Yet, in defying my mother’s wishes, I asserted my desire to and confidence in forging a path of my own devising. The resentment stemming from my perception that she regretted having me may have formed part of this catalyst. It appears there are two other components at work here: making my own decisions about the sequence my life ought to follow served to accomplish asserting my autonomy. It was a characteristic of my defiant nature and my determination to be my own person and make my own choices. I sought ownership of my life, to demonstrate my capability to achieve what my mother could not. I would not allow myself to repeat what she perceived as mistakes— getting married and having children before building a career— because I refused to ascribe to her perspective. This motivated, and continues to drive me, to further my education. I wish to earn a doctorate not only to let my mother live out her dreams through me, but also to prove her wrong. I desire to earn a PhD simultaneously to gain her approval and defy her opinion that marriage would derail any possibility of living out my dreams.
Emotions as imperfection: Another facet of my upbringing that pervades my need for perfectionism presents in how emotions were treated in my family. My parents modeled how I ought to behave: sublimating my emotions in favor of putting forward a face of stability and contentment. The public arena was a place for exuding pleasantness, often feigned, a manner I struggle and strive to maintain in academia, no matter how I feel beneath the surface. None of the stresses of doctoral study should manifest in emotions at school. As stands evident in how I perceived my mother’s discontent, home was a place for expressing anger and frustration, but never positive feelings or one’s sadness. Only anger was permitted. Words of support and encouragement did not emerge, as comes through in my statement: “I feel like my family...is supportive though they don’t always vocalize it. I like to pretend at least they are very supportive of me”.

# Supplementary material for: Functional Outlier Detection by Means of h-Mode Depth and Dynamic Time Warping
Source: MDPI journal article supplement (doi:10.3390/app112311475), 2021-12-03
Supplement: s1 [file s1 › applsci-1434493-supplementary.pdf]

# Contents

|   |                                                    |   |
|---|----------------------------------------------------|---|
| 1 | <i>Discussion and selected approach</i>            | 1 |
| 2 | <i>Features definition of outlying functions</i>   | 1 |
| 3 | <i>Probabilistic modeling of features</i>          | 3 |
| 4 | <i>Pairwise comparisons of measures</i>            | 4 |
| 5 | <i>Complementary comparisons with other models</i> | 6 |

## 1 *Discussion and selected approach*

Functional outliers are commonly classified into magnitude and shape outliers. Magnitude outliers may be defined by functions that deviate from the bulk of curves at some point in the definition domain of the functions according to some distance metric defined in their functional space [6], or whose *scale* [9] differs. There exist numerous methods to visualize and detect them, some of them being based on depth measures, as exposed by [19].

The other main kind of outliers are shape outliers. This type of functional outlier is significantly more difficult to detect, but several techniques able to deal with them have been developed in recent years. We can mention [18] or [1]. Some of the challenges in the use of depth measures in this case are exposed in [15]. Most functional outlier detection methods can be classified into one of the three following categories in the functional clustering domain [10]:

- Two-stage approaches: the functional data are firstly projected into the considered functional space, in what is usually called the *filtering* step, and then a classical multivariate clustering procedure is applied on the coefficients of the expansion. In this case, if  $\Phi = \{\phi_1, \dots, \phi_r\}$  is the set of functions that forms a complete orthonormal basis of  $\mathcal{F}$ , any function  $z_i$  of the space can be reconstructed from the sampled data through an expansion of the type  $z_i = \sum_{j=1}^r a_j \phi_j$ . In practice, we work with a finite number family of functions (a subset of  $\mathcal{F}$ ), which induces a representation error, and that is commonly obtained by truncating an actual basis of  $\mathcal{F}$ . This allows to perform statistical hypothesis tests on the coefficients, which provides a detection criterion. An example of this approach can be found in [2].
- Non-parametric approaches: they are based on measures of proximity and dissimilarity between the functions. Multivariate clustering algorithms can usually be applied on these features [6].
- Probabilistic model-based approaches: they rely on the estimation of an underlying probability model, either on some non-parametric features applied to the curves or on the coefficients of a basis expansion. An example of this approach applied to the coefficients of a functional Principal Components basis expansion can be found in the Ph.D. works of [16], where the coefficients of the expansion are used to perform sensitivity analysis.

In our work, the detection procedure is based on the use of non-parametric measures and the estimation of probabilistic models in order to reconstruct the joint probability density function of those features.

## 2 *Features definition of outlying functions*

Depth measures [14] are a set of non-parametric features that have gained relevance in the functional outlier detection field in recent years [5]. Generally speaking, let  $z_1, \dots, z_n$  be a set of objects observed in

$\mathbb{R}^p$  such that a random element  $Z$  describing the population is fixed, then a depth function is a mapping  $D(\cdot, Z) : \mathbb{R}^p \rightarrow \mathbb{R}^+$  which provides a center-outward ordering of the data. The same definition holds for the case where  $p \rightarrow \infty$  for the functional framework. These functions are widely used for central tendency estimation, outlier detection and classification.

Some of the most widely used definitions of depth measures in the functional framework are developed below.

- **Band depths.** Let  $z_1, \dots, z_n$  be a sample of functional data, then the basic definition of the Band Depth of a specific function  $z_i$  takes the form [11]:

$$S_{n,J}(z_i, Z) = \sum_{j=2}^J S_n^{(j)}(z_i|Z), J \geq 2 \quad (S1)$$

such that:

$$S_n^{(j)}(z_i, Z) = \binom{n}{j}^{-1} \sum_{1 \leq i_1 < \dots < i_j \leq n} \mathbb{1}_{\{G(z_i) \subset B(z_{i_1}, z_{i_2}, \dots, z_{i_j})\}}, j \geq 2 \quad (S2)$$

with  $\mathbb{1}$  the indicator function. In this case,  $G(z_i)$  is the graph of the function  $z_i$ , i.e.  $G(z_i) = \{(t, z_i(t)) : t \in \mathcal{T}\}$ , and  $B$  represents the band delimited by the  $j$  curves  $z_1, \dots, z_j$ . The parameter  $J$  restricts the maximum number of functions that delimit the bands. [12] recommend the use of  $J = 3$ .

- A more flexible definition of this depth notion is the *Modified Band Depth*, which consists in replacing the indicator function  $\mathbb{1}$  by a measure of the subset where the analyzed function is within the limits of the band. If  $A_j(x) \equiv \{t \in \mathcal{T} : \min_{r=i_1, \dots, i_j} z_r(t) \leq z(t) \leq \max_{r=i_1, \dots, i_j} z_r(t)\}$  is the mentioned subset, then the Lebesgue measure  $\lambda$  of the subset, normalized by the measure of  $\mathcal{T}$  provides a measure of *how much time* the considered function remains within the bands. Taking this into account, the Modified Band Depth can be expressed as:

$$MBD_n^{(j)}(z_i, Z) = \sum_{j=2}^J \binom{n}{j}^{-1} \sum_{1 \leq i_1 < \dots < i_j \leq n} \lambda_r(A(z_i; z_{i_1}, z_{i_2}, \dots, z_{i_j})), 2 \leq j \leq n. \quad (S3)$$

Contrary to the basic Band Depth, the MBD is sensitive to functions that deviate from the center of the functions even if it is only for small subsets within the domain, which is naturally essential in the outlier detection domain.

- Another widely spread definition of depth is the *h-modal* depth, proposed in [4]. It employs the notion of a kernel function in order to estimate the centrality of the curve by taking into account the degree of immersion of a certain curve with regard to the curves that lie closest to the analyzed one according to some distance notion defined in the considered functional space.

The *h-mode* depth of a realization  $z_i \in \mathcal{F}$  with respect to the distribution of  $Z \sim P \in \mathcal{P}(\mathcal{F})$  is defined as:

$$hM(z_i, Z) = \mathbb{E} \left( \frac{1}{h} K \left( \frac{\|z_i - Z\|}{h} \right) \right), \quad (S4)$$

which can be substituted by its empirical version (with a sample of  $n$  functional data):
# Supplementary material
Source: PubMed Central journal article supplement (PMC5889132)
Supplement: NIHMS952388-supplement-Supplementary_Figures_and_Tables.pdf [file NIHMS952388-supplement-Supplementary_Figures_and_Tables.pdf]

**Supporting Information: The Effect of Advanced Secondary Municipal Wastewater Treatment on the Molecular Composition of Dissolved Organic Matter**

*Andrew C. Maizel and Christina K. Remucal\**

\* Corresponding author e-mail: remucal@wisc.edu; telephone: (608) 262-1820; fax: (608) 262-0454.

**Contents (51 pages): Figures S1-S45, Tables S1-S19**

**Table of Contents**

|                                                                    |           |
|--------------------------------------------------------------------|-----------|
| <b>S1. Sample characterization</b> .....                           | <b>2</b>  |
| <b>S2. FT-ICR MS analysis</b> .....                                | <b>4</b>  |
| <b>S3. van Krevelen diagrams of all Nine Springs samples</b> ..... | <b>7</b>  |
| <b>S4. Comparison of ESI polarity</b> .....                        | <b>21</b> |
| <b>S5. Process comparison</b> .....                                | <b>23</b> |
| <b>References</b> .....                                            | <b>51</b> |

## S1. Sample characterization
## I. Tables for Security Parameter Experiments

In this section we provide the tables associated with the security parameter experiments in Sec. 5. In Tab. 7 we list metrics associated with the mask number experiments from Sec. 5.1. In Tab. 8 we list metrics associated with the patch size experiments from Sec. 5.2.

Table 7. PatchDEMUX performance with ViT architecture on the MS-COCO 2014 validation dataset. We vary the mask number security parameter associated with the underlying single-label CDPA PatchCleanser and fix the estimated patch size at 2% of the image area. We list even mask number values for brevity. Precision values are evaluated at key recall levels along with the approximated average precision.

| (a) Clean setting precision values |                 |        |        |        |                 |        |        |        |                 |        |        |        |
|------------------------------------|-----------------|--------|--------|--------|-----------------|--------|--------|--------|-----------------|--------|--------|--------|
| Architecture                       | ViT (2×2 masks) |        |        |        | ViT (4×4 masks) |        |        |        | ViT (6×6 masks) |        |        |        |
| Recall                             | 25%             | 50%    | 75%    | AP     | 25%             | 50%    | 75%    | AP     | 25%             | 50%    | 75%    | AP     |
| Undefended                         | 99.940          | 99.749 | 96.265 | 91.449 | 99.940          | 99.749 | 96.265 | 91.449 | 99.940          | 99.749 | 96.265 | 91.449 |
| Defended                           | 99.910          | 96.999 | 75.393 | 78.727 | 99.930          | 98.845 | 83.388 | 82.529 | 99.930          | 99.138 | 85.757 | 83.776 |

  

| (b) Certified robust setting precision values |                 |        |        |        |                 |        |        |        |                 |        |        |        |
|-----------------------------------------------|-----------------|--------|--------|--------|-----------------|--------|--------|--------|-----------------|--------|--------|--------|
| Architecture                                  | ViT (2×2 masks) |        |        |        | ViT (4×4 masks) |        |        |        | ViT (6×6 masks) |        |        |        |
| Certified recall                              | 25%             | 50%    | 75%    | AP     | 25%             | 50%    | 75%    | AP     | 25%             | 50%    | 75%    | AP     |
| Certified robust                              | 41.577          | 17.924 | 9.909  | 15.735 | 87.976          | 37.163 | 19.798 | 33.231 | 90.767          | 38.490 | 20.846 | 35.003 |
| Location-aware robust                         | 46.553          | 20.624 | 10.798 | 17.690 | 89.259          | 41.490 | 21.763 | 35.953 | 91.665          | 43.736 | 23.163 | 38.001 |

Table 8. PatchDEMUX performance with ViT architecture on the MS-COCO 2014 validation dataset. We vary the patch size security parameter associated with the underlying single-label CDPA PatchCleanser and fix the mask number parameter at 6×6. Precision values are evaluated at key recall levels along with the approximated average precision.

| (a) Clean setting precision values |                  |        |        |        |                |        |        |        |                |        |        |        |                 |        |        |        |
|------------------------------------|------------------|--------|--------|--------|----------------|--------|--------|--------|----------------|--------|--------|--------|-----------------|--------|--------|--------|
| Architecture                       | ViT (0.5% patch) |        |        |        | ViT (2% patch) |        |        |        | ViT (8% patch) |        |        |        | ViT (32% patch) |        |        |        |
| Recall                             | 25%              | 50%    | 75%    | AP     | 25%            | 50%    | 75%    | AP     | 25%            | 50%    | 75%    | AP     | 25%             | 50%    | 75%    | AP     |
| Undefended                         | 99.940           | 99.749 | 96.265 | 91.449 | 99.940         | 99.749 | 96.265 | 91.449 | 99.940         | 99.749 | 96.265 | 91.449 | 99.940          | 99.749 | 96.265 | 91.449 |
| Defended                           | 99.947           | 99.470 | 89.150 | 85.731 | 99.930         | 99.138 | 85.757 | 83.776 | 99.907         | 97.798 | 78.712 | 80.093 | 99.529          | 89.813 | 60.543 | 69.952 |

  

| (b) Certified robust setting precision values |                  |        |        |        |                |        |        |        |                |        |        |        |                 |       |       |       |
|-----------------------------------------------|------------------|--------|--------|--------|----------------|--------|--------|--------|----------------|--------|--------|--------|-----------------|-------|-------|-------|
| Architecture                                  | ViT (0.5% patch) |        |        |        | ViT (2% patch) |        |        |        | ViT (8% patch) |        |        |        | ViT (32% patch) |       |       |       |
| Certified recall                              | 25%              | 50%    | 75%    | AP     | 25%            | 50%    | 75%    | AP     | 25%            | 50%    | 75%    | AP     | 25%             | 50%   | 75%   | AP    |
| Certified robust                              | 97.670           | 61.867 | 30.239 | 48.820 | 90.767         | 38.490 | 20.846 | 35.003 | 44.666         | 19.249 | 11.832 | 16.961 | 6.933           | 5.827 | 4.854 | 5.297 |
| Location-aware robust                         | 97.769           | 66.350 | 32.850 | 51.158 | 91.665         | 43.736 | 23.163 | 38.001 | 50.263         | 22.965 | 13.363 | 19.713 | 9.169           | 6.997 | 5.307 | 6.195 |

Here, referring to my parents, I acknowledge the lack of overt support I perceive from them. Putting my negative feelings about this behind a façade of positive terminology when I said “I feel like my family...is supportive though they don’t always vocalize it,” I perpetuate the messages of my youth. I suppress how I honestly feel, disappointed, hurt, and yearning for their approval, in favor of keeping contentment at the forefront. When speaking these words, I smiled. I put forth the image they would prefer instead of allowing my genuine feelings to surface even though they peek through when I say “I like to pretend at least...” My facial expressions and word choice result from my parents’ disapproval of past expressions of my true feelings about our relationship.
This also manifests in my professional veneer. Fear pervades my time at school: fear that what I perceive as my true self will emerge and taint my reputation. I consider school a place for maintaining composure, not a place for showing my emotions. As I said in my interview, “Last semester I was diagnosed with bipolar disorder... it’s an obstacle in that I sometimes struggle with my emotions and it interferes with my work here.” I strive to build a strong professional reputation. When my emotions surface, I fear I will fall in the estimation of faculty and colleagues, which I expressed by saying “Sometimes, I feel like I can’t handle things properly or that I’m not handling them as well as I should be because I’m not always able to regulate my emotions as much as I would like to.”
In these moments, I hear my mother, who refuses to accept my mental illness. I remember how she raised me to pretend I have no sadness or emotional struggles. I constantly fear my emotions will cause me to fall in the estimation of my peers and professors, which I said in my interview: “It’s still difficult at times for me to feel like I’m doing a good job when I’m on the verge of a breakdown in the middle of class, which has happened several times.”
I have yet to tell my mother about my recent diagnosis, yet I have told nearly every faculty member in the program; in my interview, I said “Most of them know about my struggles with my bipolar...so that’s very helpful to know that I can go to faculty with concerns and that their door is always open.” I seek approval from my professors, which rings clear through my words “I feel like I’ve made a positive impression on the entire faculty that I’ve had encounters with...that’s very important to me. I want to have a solid professional reputation.” Yet, I find myself able to share with them what I dare not share with my parents. School, not home, has become a place for expressing me openly. Perhaps the supportiveness I perceive from my professors renders them surrogate parental figures. I take long to impress them much like I take year to earn the approval of my family.